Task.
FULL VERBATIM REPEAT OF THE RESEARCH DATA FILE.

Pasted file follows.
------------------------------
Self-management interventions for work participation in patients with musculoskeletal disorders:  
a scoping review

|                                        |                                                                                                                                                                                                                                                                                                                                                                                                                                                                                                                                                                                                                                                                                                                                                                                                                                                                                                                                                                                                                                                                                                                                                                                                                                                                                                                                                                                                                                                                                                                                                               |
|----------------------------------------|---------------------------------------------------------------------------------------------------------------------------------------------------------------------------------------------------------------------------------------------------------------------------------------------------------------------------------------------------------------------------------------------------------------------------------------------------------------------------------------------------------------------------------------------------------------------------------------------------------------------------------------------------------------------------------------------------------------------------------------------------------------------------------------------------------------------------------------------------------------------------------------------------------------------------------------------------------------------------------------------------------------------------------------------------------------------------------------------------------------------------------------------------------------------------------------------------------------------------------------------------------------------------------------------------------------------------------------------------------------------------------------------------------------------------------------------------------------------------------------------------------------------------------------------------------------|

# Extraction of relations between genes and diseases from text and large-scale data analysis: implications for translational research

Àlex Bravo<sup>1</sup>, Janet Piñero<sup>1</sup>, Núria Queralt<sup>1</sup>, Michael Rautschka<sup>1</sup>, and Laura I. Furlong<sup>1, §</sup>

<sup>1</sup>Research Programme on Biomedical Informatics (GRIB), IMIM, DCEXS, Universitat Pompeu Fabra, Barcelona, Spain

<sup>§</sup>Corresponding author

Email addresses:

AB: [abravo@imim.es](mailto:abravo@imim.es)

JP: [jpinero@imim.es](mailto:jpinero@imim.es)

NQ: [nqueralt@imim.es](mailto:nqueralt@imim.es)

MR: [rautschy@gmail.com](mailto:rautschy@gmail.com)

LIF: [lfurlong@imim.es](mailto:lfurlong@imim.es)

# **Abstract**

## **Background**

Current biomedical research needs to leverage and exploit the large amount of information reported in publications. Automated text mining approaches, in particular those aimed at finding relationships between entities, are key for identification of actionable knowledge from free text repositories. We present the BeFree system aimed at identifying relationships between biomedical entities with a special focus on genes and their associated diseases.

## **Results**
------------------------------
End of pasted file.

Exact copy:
Self-management interventions for work participation in patients with musculoskeletal disorders:  
a scoping review

|                                        |                                                                                                                                                                                                                                                                                                                                                                                                                                                                                                                                                                                                                                                                                                                                                                                                                                                                                                                                                                                                                                                                                                                                                                                                                                                                                                                                                                                                                                                                                                                                                               |
|----------------------------------------|---------------------------------------------------------------------------------------------------------------------------------------------------------------------------------------------------------------------------------------------------------------------------------------------------------------------------------------------------------------------------------------------------------------------------------------------------------------------------------------------------------------------------------------------------------------------------------------------------------------------------------------------------------------------------------------------------------------------------------------------------------------------------------------------------------------------------------------------------------------------------------------------------------------------------------------------------------------------------------------------------------------------------------------------------------------------------------------------------------------------------------------------------------------------------------------------------------------------------------------------------------------------------------------------------------------------------------------------------------------------------------------------------------------------------------------------------------------------------------------------------------------------------------------------------------------|

# Extraction of relations between genes and diseases from text and large-scale data analysis: implications for translational research

Àlex Bravo<sup>1</sup>, Janet Piñero<sup>1</sup>, Núria Queralt<sup>1</sup>, Michael Rautschka<sup>1</sup>, and Laura I. Furlong<sup>1, §</sup>

<sup>1</sup>Research Programme on Biomedical Informatics (GRIB), IMIM, DCEXS, Universitat Pompeu Fabra, Barcelona, Spain

<sup>§</sup>Corresponding author

Email addresses:

AB: [abravo@imim.es](mailto:abravo@imim.es)

JP: [jpinero@imim.es](mailto:jpinero@imim.es)

NQ: [nqueralt@imim.es](mailto:nqueralt@imim.es)

MR: [rautschy@gmail.com](mailto:rautschy@gmail.com)

LIF: [lfurlong@imim.es](mailto:lfurlong@imim.es)

# **Abstract**

## **Background**

Current biomedical research needs to leverage and exploit the large amount of information reported in publications. Automated text mining approaches, in particular those aimed at finding relationships between entities, are key for identification of actionable knowledge from free text repositories. We present the BeFree system aimed at identifying relationships between biomedical entities with a special focus on genes and their associated diseases.

## **Results**